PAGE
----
Sterling HeightsJune 29, 2012
Scouts give projects a boost
By Cortney Casey
C & G Staff Writer
The city and a local church can check a few items off long-standing “to do” lists, thanks to the handiwork of two Eagle Scout hopefuls.
The Clinton River Park Trail, a mountain bike route that winds throughout Sterling Heights, now boasts an informational kiosk at the trailhead on Edison Court, off of Clinton River Road, west of Schoenherr.
As his Eagle Scout project, Taylor Shirley, an eighth-grader at Shelby Junior High, constructed the shingle-roofed display and installed it this spring with the assistance of about a dozen volunteers from his troop, No. 1973, and his church, Church of the Latter Day Saints in Sterling Heights.
Posted on the wooden structure is a map of the trail system, sponsor acknowledgment signs and guidelines for users, such as riding only on open trails, leaving no trace, leashing their dogs, and for cyclists, yielding to pedestrians and giving an audible signal when passing.
Shirley funded half of the $130 cost with donations from friends and family members. Contributions from Back to the Beach Runners covered the rest, and Lowe’s in Clinton Township supplied materials at a deep discount.
“They were really generous,” said Shirley, who lives in Shelby Township.
Shirley said he has some experience building things with his father, but had never attempted a project requiring a roof before. “That was difficult,” he said.
Despite the challenges, Sterling Heights Police Sgt. Aaron Burgess, a passionate cyclist who’s helmed efforts to overhaul the trail over the last few years, said Shirley’s finished product turned out exactly as he’d hoped.
“I have had numerous park users compliment the information and the map kiosk,” he said. “It helps them navigate their way, particularly first-time users to the trail system.”
With the installation nearby of benches, donated by Rotary Club of Sterling Heights, and landscaping, purchased with support from American Cycle & Fitness, “it’s going to be an attractive area for people to rest during their physical pursuits,” said Burgess.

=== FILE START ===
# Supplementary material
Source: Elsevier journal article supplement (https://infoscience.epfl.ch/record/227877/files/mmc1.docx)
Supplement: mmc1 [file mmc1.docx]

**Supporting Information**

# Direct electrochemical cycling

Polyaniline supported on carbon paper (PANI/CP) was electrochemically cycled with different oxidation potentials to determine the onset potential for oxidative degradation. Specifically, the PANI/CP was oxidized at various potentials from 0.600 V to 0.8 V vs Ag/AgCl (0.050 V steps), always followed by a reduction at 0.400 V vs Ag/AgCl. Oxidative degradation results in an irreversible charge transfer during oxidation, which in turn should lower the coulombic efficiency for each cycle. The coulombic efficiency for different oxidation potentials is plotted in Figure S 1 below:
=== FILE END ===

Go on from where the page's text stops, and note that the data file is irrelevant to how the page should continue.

Across town, St. Blase Catholic Church was able to unload a project that’s been on a wish list for years: replacing the deteriorating wooden plank border surrounding flower beds on the facility’s west side, a highly visible area near the main driveway.
Enter parishioner Danny Monschau, a De La Salle freshman searching for an appropriate Eagle Scout project.
“He was looking to do something outdoors, and there’s always a wish list of things that could be done, and this was something that he kind of got excited about and felt like he wanted to take on,” said Tim Doppel, the parish business manager.
Monschau whipped up a plan, held a bowling fundraiser at Pampa Lanes and recruited volunteers, working in shifts over two days, to install a decorative brick retaining wall in place of the weathered wood.
“The Garden Club leader has actually been wanting that project done for years and years, and we actually got it done in the weekend,” said Monschau, a member of Troop 80 who lives in Sterling Heights. “We were pretty thrilled at that.”
Doppel called the end result “absolutely gorgeous.”
“The weekend after he completed it, Father Randy (Phillips), our pastor, actually had (Monschau) stand up during Mass … and the entire congregation gave him a nice big round of applause for all the work that he did,” he said. “It’s very professional. You would never know it was done by a bunch of Boy Scouts.”
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